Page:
France begin their quest to reclaim the world title on 13 June when they kick off their 2006 FIFA World Cup campaign against near neighbours Switzerland . The 53,000 fans inside Stuttgart's Gottlieb-Daimler-Stadion should be treated to a thrilling spectacle as both sides look to impose their authority on a group from which they are both widely tipped to progress.
View the Germany 2006 match schedule
Colours for the game
France: blue shirt, blue shorts, blue socks
Switzerland: white shirt, white shorts, white socks
France coach Raymond Domenech's squad selection was among the most surprising as it involved the summoning of newcomers Pascal Chimbonda and Franck Ribery as a reward for their excellent form over the season. His opposite number, Switzerland's Kobi Kuhn, meanwhile, raised eyebrows with the inclusion of the youthful Johan Djourou and inexperienced Blerim Dzemaili.
How they qualified
Having also been paired together in Group 4 of the European Zone qualifying competition, both teams endured a dramatic qualifying campaign. The group was only decided on the final matchday with Les Bleus winning 4-0 against Cyprus to claim top spot, two points ahead of the Swiss, who secured a play-off berth by holding the Republic of Ireland to a goalless draw in Dublin. The Swiss then overcame a dangerous Turkey side on away goals over two legs to join the French in Germany.
France and Switzerland have met 35 times (four times in the last three years), with Les Bleus holding a slight advantage with 15 victories, 12 defeats and eight draws.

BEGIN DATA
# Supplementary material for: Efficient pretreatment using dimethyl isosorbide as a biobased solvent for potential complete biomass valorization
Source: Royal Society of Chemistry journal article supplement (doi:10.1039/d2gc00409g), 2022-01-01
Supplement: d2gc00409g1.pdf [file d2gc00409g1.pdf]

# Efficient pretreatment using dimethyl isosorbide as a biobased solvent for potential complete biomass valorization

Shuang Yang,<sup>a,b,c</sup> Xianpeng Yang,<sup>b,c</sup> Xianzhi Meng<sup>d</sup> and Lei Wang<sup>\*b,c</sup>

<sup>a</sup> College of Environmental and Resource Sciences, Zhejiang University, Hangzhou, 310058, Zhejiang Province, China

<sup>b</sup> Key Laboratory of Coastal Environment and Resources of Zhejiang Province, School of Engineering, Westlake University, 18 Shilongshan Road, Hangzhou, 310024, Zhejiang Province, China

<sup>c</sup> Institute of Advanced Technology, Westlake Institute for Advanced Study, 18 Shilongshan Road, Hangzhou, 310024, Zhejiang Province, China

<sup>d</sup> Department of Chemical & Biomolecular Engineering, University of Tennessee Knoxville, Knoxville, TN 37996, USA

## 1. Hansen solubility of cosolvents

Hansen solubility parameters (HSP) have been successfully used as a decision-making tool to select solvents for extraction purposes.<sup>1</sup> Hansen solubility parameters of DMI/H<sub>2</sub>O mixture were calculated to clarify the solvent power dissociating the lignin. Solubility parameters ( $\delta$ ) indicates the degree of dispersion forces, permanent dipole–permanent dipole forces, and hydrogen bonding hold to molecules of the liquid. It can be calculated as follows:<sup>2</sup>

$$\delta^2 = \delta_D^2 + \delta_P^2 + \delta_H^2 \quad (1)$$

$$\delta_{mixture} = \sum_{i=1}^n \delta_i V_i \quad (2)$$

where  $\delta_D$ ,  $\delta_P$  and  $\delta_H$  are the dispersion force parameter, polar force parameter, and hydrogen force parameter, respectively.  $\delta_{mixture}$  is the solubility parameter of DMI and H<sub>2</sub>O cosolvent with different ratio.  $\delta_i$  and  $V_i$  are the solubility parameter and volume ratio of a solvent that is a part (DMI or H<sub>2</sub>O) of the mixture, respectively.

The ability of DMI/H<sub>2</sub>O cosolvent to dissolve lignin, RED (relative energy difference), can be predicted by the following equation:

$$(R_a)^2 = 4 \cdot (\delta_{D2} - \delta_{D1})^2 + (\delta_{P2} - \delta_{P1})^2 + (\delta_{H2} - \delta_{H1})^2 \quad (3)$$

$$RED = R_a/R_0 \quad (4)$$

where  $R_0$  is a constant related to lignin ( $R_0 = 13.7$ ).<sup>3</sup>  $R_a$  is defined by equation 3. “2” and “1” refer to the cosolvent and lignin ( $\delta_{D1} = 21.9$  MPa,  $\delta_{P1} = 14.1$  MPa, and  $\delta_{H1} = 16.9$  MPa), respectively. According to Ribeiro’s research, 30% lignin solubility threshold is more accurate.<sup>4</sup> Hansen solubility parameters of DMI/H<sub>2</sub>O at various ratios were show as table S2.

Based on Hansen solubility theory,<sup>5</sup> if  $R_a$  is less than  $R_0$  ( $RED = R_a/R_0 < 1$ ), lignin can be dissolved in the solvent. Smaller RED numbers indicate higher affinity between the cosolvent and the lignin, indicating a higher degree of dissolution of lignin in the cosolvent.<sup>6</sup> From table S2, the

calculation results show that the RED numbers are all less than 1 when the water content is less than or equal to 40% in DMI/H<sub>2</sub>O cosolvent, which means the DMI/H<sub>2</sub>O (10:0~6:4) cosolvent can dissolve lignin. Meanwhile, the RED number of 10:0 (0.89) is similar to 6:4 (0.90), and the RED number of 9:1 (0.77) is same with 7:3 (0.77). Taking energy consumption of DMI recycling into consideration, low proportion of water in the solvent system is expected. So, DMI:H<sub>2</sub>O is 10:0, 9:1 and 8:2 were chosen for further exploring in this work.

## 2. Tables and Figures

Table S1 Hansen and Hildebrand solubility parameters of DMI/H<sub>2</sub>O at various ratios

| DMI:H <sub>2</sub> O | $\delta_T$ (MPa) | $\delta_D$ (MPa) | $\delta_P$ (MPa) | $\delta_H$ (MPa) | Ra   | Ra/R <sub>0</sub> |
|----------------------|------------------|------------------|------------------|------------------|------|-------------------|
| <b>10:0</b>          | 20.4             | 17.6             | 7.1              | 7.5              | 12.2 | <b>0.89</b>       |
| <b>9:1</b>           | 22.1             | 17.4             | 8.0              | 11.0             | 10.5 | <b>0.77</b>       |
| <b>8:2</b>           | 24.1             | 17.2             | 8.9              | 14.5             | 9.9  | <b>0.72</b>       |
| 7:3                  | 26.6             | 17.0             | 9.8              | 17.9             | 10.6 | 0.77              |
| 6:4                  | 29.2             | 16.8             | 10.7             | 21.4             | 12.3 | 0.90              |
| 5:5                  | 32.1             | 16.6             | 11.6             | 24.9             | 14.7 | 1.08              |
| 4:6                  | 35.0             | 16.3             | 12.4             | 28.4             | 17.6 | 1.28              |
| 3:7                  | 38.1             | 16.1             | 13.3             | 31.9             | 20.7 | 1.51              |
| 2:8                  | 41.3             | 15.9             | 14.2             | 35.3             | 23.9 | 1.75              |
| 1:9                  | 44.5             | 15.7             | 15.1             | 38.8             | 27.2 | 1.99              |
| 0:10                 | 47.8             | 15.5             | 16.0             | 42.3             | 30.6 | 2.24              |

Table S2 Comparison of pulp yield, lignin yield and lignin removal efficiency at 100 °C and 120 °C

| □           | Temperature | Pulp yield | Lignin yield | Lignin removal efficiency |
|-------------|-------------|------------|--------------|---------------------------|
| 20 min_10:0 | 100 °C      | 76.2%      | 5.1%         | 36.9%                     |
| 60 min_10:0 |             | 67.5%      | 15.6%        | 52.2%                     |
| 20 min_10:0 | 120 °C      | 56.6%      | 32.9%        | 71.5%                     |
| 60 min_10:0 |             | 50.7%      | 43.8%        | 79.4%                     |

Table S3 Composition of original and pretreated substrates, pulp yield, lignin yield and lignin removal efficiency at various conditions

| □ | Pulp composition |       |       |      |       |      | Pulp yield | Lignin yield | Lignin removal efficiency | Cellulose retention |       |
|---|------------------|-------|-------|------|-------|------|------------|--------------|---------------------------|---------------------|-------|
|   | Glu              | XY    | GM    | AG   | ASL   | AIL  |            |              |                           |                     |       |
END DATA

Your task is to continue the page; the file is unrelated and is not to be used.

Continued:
Of the two teams, France boast a superior record at the FIFA World Cup. Winners on home soil in 1998, the French have also reached three semi-finals (1958, 1982 and 1986) in 11 tournaments. However, the Swiss can also look back on a proud record in their seven tournaments, with three quarter-final appearances (1934, 1938 and 1954) to their name. Whatever the result on 13 June, there are likely to be goals on the agenda, with the Nati having conceded at least once in all 22 of their previous FIFA World Cup matches.
As direct rivals for qualification, the two teams will certainly be out to seize the initiative in the group. The strikers could make all the difference, with Thierry Henry, coming off the back of a UEFA Champions League final and an outstanding season with Arsenal (27 goals) generally regarded as France's main weapon. That said, Henry has not always been as effective for his country as he has been for the Gunners.
Alexander Frei is quite the opposite. The Rennes centre-forward has often been the hero for the Nati and, while his club season may have been blighted by injury, that has done little to dampen his eagerness to represent his nation. "I'm going to Germany not to play, but to win," he declared recently.
The head-to-head brings together two diametrically opposed coaches. While Switzerland's Kuhn rarely comes in for criticism, Domenech polarises opinions. His every appearance is scrutinised, and each decision debated. The former U-21 team coach knows that his position is on the line at Germany 2006. By contrast, Kuhn, like his team, can enjoy the tournament without undue pressure, as Helvetian hopes are fixed firmly on the UEFA European Championship on home soil in 2008.